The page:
Also in tech-land, NVIDIA (NVDA) continues to beat analyst expectations and grow revenue and earnings at a fantastic clip for such a large company… but analysts, as they have been for a couple years now, are still on the back foot, forced to raise their price targets each quarter even as NVIDIA shares stay surprisingly (at least for them) richly valued and blow past those price targets. After the strong earnings this time out, which included better-than expected sales and profits from both of their largest segments, gaming GPUs and data center processors, Stifel Nicholas, for example, increased the price target to $243 from $220… but the stock was at $260 yesterday and near that level today, so that just seems petulant. How can the average analyst have a “buy” target on NVDIA and an average price target of $236, when the stock is at $260? That means you either need to reassess your valuation model for these shares, or you need to stick to your guns and say NVDA should be sold because it has passed the target.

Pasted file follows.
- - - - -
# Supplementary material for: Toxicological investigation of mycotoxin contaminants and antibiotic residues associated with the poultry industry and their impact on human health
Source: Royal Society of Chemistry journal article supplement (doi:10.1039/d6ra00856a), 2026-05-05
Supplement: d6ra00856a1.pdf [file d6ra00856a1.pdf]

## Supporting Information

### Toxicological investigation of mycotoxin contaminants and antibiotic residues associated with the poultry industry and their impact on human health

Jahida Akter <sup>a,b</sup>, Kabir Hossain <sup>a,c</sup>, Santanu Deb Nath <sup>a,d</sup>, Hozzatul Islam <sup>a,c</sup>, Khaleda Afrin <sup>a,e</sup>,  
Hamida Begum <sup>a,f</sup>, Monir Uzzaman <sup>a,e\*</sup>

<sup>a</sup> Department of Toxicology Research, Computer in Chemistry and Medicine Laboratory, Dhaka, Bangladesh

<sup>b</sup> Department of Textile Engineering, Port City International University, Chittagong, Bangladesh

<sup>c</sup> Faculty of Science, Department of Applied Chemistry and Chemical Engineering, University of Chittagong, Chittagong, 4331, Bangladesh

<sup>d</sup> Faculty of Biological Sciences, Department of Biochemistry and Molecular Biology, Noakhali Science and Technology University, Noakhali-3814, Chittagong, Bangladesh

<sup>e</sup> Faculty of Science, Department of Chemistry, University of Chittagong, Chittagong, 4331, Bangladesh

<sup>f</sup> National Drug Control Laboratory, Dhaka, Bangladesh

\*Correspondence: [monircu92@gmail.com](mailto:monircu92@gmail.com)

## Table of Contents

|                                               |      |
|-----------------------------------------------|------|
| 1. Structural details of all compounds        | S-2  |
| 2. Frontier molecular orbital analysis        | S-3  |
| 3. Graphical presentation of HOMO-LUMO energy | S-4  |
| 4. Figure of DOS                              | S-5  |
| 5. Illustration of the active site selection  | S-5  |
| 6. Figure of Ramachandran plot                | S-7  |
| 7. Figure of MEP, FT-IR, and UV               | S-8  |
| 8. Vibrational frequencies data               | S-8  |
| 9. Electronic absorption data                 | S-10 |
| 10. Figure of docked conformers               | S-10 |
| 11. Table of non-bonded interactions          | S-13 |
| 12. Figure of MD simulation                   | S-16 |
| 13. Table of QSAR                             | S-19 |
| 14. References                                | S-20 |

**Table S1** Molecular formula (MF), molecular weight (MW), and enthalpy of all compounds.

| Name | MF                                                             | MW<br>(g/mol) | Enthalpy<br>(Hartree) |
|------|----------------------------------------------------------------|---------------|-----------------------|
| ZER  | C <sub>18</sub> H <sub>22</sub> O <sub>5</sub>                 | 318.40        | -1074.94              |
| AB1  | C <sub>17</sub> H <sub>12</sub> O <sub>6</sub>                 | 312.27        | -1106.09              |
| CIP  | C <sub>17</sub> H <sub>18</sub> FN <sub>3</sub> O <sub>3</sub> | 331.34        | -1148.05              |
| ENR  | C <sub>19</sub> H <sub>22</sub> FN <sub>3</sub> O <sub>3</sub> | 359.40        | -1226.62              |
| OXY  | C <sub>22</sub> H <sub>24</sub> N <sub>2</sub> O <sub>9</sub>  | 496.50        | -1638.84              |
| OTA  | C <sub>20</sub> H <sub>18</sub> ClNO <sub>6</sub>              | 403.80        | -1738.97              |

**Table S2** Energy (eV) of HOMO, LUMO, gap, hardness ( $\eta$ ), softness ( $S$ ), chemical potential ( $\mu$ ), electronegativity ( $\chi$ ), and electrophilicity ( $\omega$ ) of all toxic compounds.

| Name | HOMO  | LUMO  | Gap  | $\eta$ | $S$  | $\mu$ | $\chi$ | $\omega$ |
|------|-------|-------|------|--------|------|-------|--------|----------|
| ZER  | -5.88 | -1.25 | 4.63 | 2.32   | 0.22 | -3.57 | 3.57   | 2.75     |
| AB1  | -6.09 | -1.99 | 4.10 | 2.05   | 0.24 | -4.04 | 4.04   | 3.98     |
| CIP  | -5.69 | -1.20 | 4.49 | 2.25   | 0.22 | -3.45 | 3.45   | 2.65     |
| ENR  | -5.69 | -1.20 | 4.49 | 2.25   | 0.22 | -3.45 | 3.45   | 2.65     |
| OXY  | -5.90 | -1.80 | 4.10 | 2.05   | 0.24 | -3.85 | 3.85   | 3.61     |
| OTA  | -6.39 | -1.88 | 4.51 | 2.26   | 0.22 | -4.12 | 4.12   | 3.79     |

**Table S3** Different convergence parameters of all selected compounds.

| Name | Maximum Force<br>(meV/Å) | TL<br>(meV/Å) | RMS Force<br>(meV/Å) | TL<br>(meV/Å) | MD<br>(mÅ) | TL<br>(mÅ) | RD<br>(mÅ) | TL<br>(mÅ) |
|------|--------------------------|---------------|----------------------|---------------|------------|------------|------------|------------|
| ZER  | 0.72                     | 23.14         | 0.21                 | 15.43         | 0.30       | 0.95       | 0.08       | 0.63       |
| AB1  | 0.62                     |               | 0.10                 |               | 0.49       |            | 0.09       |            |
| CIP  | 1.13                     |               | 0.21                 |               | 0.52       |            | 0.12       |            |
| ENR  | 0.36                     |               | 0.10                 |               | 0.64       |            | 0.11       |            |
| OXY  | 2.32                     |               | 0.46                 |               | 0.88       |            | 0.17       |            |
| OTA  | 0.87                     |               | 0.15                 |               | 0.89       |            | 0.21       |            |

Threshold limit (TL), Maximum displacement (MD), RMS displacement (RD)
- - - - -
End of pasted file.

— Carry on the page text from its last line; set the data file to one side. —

I can understand the wishy-washiness, though — it’s hard to deal with momentum growth stocks if you’re stuck with assessing the recent and forecasted earnings and fitting a share price into your Excel spreadsheet that won’t make the other people at your investment bank laugh at you… and yet, you also can’t be the only person to call “sell” on a hot and beloved stock like NVDA, because then the chattering idiots on CNBC will laugh at you all day. That’s been the story with NVIDIA since early 2016 — analyst expectations are moderated because they don’t think the gaming business can keep growing fast enough, they perpetually believe that NVIDIA’s earnings are on the verge of leveling off and staying flat for a year or two, and they consider that the other divisions (autonomous driving, data center, visualization), are too small to drive the company… then gaming turns out to be stronger than expected, and data center grows enough to be a meaningful contributor and keeps surprising on the upside. It looks a lot like lather, rinse, repeat here, as NVDA is again blessed with forward estimates that are essentially flat, with analysts predicting an end to their growth.